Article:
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Gob Smacking :worthy:Praise to you Clive,the figure works in well,this is one Spur Dio,so much detail for the eyes to scan over,Really ENJOYED,Cheers.

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Top shelf Clive.......well worth the hours you put in here......👍👍👍👍

 

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That's great!  It tells the story and is full of detail, excellent stuff!

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Wow! Amazing job.

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Great diorama Clive. A convincing scene with lots of lovely details. I assume that's a MiniArt base?

 

BTW, what's the difference between a 'discarding sabot' and an ordinary one? I know a bit about anti-tank rounds but I've not come across this variation, so I'm guessing it's to do with WHEN the sabot is discarded?

 

Rearguards,

Badder

 

 

 

 

 

 

 

 

 

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Many thanks @Jim Wasley, @Corsairfoxfouruncle, @Redcoat2966, @Derek A, @Gorby and @Badder for your very kind comments, very much appreciated.

 

@Badder, the base was actually from Fields of Glory Models, and was a very good quality resin casting. Roughly A4 size, and sat perfectly in the photo frame I had obtained for the dio base.

 

As I understand it, the Discarding Sabot was the solution to the problems of replacing existing steel rounds with the much harder (but heavier) Tungsten Carbide (WC) rounds. Full size WC rounds were too heavy to be fired with existing shell cartridges. Rounds with an inner WC core, permanently surrounded by a relatively lighter metal (known as Armour Piercing Composite Rigid, APCR) didn't travel well, tending to lose velocity quite quickly in flight. The solution was to have the lighter sabot covering discarded from the round upon leaving the gun muzzle, allowing the WC core to proceed to the target at the required velocity.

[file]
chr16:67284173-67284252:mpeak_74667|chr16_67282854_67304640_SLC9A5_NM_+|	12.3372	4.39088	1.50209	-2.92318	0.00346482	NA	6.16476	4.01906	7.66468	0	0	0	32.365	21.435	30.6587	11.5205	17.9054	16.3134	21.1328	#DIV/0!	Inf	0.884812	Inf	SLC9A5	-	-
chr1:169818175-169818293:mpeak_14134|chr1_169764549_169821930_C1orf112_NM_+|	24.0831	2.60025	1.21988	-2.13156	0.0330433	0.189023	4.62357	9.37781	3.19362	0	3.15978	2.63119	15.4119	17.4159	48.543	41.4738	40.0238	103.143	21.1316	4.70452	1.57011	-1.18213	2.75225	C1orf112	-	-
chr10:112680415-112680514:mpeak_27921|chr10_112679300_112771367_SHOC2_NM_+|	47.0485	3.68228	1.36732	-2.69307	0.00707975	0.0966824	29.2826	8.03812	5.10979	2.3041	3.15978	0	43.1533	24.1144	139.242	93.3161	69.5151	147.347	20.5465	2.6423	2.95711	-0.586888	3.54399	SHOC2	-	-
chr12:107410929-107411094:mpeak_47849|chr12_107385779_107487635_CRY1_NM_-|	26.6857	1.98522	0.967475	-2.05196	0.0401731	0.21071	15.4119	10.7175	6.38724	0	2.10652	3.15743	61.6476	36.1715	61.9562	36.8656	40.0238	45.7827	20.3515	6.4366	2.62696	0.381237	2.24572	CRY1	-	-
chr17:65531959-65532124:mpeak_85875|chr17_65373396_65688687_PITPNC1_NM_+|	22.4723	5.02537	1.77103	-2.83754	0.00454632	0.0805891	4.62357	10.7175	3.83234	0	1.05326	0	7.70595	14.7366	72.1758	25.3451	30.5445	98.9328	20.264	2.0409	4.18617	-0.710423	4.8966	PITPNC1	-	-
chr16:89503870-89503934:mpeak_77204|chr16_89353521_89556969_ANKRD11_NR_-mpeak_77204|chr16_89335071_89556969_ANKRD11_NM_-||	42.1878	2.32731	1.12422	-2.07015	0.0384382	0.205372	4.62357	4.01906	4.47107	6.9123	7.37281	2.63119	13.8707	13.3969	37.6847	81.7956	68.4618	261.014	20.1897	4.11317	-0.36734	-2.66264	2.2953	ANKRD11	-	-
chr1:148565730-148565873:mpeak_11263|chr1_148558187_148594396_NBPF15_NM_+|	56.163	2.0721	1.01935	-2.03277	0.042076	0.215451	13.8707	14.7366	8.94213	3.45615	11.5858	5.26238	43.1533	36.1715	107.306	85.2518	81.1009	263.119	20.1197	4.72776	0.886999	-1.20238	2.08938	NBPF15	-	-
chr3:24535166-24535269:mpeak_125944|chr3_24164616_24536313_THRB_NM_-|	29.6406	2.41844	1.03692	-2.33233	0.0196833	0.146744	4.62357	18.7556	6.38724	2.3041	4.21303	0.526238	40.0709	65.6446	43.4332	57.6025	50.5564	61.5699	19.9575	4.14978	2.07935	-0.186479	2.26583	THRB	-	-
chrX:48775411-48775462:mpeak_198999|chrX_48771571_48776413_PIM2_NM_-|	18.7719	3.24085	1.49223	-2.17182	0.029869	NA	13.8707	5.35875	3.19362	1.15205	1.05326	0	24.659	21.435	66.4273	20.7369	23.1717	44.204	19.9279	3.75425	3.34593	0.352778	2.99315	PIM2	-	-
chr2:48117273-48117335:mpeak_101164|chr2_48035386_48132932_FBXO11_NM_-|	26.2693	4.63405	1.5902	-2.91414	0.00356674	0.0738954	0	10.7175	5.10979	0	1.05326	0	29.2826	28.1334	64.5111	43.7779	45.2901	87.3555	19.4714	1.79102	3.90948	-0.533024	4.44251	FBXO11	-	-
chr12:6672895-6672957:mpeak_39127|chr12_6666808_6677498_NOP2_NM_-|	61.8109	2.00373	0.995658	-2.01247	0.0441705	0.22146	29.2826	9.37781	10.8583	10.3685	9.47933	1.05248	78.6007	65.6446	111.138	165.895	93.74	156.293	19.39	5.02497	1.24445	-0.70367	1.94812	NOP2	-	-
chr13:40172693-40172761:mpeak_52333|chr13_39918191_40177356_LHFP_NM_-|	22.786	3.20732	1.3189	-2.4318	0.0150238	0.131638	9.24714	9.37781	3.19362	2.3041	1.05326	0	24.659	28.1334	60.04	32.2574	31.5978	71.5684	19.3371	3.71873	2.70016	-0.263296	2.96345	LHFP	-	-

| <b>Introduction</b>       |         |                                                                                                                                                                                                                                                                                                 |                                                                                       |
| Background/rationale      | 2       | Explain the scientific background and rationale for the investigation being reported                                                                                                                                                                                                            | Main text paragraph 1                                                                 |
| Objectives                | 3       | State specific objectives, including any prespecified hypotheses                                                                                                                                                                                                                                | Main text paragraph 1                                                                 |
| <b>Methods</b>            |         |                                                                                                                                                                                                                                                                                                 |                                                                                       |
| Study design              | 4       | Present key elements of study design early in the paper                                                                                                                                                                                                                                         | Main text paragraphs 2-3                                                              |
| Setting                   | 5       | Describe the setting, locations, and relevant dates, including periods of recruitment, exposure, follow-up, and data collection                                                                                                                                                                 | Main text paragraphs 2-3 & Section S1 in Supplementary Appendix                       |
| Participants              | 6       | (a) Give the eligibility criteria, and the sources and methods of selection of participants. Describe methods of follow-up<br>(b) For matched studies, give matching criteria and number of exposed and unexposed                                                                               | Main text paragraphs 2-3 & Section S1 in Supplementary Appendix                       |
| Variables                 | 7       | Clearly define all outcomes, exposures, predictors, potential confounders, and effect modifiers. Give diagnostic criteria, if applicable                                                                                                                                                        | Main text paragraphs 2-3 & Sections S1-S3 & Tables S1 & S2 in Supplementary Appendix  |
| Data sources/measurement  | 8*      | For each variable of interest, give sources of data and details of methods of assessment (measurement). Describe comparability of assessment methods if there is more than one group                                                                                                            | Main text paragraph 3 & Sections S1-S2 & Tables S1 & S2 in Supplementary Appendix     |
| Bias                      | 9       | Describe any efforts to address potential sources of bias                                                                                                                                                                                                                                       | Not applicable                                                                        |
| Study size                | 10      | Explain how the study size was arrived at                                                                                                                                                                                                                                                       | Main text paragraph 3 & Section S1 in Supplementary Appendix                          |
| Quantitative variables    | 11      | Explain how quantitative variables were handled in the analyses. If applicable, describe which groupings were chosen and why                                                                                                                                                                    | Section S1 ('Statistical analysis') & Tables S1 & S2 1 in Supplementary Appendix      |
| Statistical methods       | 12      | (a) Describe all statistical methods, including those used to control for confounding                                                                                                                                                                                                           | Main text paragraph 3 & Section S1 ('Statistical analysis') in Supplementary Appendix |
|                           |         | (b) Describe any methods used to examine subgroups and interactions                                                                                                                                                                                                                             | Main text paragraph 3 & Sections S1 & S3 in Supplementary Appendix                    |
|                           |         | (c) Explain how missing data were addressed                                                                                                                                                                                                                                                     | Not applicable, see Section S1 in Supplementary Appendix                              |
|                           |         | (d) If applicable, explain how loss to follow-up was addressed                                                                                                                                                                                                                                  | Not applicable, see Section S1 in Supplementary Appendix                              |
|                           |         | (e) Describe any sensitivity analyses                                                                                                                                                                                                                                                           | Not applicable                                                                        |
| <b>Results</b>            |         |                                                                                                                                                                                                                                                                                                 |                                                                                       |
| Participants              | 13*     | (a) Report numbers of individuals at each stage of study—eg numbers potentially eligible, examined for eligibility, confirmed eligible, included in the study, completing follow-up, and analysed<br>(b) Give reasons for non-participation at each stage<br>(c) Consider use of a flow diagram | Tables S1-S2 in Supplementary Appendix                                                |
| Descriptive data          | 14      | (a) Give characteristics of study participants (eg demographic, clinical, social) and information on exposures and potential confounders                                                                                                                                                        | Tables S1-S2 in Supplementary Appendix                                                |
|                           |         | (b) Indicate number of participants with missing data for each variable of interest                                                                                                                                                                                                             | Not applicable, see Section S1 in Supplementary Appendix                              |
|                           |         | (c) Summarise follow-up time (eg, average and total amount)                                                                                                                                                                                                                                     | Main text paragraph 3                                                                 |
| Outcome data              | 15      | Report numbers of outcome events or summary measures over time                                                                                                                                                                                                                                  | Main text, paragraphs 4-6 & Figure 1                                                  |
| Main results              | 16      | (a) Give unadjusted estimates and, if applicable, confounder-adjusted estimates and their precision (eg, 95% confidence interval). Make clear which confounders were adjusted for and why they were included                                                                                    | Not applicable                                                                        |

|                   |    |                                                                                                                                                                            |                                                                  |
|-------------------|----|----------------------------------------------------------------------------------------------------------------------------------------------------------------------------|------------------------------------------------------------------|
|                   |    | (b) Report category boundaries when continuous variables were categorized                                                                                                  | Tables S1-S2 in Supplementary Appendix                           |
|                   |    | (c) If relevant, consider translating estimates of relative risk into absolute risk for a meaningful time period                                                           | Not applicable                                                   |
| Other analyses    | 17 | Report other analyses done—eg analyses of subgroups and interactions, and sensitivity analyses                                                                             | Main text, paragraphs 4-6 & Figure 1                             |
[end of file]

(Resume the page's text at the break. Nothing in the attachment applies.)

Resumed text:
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That is a really evocative diorama Clive. Superb attention to the details. Well worth all your efforts! :worthy:

Kind regards,

Stix 

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I like the ruins, it is difficult to show them to look realistic.
But the war is a ruin, so the war stories are depicted in ruins have a special charm.

Your story is super :like:

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looks incredible - I love that sten gun clip lying around on the ground - adds the finite touches of extra detailing

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Stunning absolutely stunning, great subject, smashing story line and superbly executed!

 

  Roger 

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Great diorama Clive :worthy: though I'm not convinced by the 'boy', he's a bit big for short trousers :hmmm:

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Thanks @Hamden and @Ratch, much appreciated.

 

To be fair I am not convinced by the 'boy' for a number of reasons. I can vouch for the fact that the photo I used as inspiration definitely had him in short trousers, but I think my interpretation kind of ages him somewhat. Ah well, lessons learned and all that :)

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Very impressive, Clive. Your attention to detail is to be commended. Well done :thumbsup2:

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Outstanding work, it's a lovely piece... the scratch work on the figure.. a true challenge, and the overall display, superb.

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Thanks Iggy, much appreciated :thumbsup2:

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Thanks Sarge, very kind of you :)

 

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Thanks very much:thumbsup2: